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May 11, 2020

Member Spotlight: Meet Ericsson’s Dr. Brenda Connor .

Member Spotlight: Meet Ericsson’s Dr. Brenda Connor



The proliferation of Internet of Things (IoT) wireless-enabled devices is transforming life as we know it. Estimates say that by the end of 2023, there will be more than 20 billion IoT devices worldwide and by 2025, the average connected person will interact with IoT devices every 18 seconds. IoT technologies will bring greater efficiency to communities, making them smarter, safer and more connected. We interviewed Dr. Brenda Connor, Director of IoT Portfolio Application at Ericsson, to discuss the company’s work at the forefront of this connected future.

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What does Ericsson look forward to most about 5G?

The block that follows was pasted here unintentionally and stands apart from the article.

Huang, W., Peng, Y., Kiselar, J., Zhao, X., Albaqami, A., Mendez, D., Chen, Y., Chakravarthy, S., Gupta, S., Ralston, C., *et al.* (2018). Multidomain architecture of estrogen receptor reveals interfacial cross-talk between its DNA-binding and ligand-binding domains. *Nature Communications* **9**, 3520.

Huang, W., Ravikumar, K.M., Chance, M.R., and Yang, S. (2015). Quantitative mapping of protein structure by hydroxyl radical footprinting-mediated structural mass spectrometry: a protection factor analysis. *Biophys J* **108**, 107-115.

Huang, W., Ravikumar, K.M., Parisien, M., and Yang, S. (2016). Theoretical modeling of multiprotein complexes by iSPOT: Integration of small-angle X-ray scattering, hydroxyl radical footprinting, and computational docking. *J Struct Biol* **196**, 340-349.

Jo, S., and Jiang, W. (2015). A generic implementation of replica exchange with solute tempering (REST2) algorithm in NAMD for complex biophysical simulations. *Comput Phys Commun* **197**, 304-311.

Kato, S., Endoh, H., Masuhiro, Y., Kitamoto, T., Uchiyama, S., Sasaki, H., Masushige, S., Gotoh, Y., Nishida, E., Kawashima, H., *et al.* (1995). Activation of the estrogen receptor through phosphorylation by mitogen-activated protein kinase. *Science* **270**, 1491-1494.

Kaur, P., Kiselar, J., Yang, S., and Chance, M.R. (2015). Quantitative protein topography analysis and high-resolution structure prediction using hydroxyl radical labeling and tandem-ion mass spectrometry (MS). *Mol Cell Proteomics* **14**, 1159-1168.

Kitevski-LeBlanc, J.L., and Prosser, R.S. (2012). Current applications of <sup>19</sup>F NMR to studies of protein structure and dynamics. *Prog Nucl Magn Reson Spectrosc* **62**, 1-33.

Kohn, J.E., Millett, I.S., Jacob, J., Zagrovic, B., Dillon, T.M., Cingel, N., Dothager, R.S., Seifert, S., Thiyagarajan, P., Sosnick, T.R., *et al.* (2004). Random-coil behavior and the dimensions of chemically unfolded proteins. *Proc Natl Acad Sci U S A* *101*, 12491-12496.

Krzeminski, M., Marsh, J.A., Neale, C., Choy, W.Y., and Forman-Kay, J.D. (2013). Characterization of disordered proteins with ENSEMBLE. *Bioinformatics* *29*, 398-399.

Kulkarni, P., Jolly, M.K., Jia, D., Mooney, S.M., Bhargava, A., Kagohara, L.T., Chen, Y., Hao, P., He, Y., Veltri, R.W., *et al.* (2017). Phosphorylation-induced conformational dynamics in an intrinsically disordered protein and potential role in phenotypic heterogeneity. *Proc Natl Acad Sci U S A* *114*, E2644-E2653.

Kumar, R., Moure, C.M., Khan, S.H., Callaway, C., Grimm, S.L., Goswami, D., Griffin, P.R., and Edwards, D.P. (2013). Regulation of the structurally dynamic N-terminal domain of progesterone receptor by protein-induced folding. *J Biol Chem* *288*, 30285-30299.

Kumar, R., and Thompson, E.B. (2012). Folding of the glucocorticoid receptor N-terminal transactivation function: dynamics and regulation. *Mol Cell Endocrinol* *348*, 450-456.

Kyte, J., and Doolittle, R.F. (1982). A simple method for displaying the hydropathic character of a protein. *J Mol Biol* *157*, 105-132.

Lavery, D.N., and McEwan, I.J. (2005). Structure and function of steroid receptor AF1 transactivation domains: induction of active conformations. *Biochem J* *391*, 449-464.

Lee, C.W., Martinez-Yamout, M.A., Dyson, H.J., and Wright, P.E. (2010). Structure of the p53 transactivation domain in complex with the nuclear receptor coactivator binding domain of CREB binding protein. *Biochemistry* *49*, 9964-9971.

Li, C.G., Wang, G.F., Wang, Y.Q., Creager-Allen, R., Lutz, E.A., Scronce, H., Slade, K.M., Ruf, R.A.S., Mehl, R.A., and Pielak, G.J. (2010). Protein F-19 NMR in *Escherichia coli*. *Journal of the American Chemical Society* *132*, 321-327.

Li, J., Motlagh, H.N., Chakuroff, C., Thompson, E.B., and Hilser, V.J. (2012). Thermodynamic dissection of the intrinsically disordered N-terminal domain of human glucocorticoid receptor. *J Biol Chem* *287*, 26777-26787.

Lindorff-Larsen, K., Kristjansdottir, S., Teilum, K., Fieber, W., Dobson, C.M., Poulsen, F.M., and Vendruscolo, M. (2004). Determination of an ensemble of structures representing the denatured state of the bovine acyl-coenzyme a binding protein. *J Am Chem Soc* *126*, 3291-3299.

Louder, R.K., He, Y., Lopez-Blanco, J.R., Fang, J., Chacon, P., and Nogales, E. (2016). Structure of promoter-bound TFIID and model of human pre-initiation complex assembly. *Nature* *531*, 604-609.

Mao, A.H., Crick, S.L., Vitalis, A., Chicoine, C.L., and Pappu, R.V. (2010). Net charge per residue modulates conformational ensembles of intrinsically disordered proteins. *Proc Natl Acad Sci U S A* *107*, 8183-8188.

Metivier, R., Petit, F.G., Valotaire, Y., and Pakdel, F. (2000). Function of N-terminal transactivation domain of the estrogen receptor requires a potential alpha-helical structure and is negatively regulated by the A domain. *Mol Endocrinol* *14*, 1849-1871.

Dr. Brenda Connor: What’s really cool about 5G is that it isn’t just designed to give more bandwidth and lower latency, which it does do of course—it will also bring economic growth, create new industries and more via secure reliable data delivery for IoT and for humans. Revolutionary services are going to come into play with 5G.

Ericsson and the greater wireless industry have had a big part to play in making IoT, 5G and other wireless technology more commonplace in American households. Think about what happened when we went from 3G to 4G. That’s when you started to see smartphones really become omnipresent, even for children, and the smartphone applications that opened up new business models such as ride sharing applications. 5G will have an even greater impact for new business model enablement.

What should we be looking for as 5G continues to rollout in markets throughout America?